Earth Has A Layer No One Knew About

Just like onions and cartoon ogres

Our perspective of Earth tends to be very shallow–literally. Everything we experience, from the deepest depths of the ocean to the highest mountain peaks, only skims the top of the outermost layer of the Earth, the crust, which is about 4 miles thick under the ocean and 20 to 30 miles thick on land. With a radius of 3,959 miles, the Earth has plenty of secrets buried inside it.

But today it has one less secret. Researchers have just published a paper in Nature Geoscience announcing they’ve discovered a remarkably stiff layer in the Earth’s mantle–the layer of molten or pliable rock located between the crust and the Earth’s core. The new layer floats somewhere around the middle of the mantle.

“The Earth has many layers, like an onion,” Lowell Miyagi, a geologist at the University of Utah, said in a press release. “Most layers are defined by the minerals that are present. This layer isn’t defined by the minerals present, but by the strength of these minerals.”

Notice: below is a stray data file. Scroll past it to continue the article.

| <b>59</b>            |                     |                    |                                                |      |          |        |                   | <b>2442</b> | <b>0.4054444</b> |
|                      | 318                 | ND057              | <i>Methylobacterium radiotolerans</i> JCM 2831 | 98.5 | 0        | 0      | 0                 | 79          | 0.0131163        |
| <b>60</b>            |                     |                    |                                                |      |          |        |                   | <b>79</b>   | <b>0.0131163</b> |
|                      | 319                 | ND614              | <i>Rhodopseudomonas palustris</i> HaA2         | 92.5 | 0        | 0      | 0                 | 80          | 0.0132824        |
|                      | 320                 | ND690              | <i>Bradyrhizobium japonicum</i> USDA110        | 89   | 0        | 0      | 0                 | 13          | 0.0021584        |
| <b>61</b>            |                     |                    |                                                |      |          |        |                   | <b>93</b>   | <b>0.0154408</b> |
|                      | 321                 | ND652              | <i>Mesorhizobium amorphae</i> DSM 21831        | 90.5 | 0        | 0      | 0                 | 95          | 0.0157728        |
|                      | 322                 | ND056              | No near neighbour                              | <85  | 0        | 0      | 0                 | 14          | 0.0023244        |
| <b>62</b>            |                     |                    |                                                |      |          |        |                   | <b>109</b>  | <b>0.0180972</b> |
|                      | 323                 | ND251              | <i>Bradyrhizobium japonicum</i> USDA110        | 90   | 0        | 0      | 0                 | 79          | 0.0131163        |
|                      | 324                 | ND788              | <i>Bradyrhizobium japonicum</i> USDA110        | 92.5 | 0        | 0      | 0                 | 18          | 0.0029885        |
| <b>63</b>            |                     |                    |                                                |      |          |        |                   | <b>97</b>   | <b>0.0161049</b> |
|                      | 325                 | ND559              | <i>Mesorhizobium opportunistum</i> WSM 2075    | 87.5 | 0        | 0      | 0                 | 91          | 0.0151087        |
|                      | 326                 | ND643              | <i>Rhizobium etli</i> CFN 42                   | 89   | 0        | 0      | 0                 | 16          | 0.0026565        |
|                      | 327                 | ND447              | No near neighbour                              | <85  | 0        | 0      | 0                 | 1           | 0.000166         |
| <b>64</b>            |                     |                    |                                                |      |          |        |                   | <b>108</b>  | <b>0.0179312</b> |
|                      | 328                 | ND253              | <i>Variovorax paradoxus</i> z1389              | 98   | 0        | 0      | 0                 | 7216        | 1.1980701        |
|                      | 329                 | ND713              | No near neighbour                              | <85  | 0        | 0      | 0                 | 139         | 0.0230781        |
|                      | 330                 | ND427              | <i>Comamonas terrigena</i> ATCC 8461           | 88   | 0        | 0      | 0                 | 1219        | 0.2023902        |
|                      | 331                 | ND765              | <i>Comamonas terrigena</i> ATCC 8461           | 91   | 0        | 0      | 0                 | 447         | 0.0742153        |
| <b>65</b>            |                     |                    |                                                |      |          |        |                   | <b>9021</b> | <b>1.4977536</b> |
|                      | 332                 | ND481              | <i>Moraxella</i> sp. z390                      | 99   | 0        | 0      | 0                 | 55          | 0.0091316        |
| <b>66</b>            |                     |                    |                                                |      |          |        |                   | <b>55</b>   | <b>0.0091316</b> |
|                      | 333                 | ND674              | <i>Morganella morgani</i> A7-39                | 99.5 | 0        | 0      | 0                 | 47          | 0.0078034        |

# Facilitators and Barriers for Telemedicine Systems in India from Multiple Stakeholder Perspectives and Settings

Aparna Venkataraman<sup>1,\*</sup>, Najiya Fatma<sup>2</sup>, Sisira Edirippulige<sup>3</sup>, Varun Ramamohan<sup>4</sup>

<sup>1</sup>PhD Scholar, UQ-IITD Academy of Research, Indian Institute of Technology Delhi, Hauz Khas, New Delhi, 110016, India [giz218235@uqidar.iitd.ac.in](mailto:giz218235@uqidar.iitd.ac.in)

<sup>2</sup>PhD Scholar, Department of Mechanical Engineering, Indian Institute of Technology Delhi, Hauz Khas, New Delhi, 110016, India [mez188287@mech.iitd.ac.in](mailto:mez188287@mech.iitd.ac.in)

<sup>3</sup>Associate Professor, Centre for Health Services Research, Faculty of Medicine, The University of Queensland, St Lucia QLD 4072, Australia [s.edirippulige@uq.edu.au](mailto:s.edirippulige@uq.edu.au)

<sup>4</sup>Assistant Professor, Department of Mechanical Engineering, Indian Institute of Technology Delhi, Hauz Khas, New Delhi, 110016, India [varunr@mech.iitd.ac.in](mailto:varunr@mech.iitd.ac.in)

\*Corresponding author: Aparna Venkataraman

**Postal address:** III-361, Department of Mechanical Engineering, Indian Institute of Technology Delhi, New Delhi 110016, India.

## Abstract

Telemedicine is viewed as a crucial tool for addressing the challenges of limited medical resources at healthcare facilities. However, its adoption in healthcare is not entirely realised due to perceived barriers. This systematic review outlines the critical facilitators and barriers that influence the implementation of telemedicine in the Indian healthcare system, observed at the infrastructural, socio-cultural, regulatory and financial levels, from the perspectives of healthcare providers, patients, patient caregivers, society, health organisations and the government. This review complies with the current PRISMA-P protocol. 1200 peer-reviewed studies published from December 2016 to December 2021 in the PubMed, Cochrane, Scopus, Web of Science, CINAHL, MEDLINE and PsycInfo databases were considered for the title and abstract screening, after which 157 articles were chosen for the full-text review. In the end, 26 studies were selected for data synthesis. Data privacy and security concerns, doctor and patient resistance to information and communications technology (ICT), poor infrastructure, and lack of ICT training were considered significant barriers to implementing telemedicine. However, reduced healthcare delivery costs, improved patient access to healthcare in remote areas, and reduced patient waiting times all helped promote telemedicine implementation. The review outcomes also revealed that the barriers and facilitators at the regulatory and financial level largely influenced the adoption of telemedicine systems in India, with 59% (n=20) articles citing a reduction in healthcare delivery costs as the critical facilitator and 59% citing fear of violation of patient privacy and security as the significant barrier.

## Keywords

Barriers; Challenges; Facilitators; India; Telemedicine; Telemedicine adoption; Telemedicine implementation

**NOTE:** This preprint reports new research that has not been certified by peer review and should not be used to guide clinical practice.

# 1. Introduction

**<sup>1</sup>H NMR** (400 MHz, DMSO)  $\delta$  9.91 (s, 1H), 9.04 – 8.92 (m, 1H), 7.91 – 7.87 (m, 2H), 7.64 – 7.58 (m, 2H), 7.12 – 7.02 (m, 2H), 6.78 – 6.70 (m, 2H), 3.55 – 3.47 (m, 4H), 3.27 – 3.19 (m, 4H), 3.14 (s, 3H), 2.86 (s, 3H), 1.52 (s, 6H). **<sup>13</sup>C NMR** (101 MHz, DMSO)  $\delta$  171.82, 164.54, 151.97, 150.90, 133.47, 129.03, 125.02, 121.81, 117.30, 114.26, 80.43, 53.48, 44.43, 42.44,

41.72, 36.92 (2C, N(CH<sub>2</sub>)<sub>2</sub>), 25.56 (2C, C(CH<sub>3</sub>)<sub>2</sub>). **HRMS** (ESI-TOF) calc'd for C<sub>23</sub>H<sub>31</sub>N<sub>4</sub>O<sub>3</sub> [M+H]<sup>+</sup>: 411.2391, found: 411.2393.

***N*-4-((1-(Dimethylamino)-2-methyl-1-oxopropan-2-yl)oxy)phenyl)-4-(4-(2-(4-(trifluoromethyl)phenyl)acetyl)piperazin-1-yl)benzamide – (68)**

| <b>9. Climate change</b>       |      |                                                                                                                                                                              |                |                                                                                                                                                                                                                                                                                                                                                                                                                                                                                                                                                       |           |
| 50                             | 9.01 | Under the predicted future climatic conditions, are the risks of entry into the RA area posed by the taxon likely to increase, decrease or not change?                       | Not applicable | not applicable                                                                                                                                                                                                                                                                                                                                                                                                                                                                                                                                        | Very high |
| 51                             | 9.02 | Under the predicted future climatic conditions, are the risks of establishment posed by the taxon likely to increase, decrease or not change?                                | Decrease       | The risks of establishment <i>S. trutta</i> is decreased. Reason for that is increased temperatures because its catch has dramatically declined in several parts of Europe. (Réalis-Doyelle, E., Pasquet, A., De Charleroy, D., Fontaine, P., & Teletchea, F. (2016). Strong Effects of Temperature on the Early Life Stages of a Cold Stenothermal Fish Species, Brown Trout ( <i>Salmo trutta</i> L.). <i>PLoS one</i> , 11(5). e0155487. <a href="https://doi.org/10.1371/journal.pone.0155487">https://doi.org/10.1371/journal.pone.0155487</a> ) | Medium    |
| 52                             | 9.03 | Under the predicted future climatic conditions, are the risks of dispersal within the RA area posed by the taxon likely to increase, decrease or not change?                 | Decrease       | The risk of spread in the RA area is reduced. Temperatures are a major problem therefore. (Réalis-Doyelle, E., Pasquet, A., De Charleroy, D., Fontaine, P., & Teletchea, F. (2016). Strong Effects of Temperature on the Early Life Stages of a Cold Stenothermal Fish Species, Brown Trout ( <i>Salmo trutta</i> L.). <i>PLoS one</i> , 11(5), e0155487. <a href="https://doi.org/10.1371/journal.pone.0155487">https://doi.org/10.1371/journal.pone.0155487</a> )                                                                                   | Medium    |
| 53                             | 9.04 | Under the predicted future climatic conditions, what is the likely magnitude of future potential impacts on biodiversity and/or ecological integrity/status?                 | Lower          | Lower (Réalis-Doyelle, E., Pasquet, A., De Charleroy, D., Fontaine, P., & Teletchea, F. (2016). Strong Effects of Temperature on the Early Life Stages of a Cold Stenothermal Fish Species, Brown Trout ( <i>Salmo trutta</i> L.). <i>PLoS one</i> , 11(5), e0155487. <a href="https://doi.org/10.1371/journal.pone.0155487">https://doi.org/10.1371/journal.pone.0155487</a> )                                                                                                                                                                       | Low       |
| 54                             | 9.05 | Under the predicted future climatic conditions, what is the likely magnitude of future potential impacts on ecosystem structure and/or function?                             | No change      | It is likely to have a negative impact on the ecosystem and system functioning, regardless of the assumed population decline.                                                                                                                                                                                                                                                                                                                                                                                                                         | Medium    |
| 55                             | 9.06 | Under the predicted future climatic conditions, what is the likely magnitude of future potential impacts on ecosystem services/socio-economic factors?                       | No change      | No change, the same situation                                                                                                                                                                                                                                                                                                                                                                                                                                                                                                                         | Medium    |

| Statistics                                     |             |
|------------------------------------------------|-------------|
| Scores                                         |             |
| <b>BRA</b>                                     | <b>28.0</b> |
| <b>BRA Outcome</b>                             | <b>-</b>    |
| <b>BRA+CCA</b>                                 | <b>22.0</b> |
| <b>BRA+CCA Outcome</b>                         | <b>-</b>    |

In this case, the researchers knew from previous studies that tectonic plates (which hold the oceans and continents) sometimes slide under each other and get pushed down into the mantle. Those slabs of rock tend to stop moving temporarily at around 930 miles below the Earth’s surface, but no one could figure out why. Observing the process directly was out of the question–because for one, no one has ever drilled down to the mantle, and secondly, the process of a slab sliding down into the mantle takes around 300 million years. So Miyagi and his team did the next best thing.

They used an instrument called a diamond anvil (made from, yes, diamonds) to apply massive amounts of pressure to rocks commonly found in the mantle. When they got to pressures that mimicked conditions at that 930 mile depth, they found that the strength in the rocks had increased by an insane amount–it was nearly 300 times stronger than that same type of rock would be at levels higher in the mantle. Below that 930 mile point, atoms within the rocks start to move more freely, loosening up, and allowing the slabs to sink.

But because the rocks at the 930 mile boundary are so strong and stiff, slabs of the tectonic plates stall out for a while, caught between a rock and a stiff place.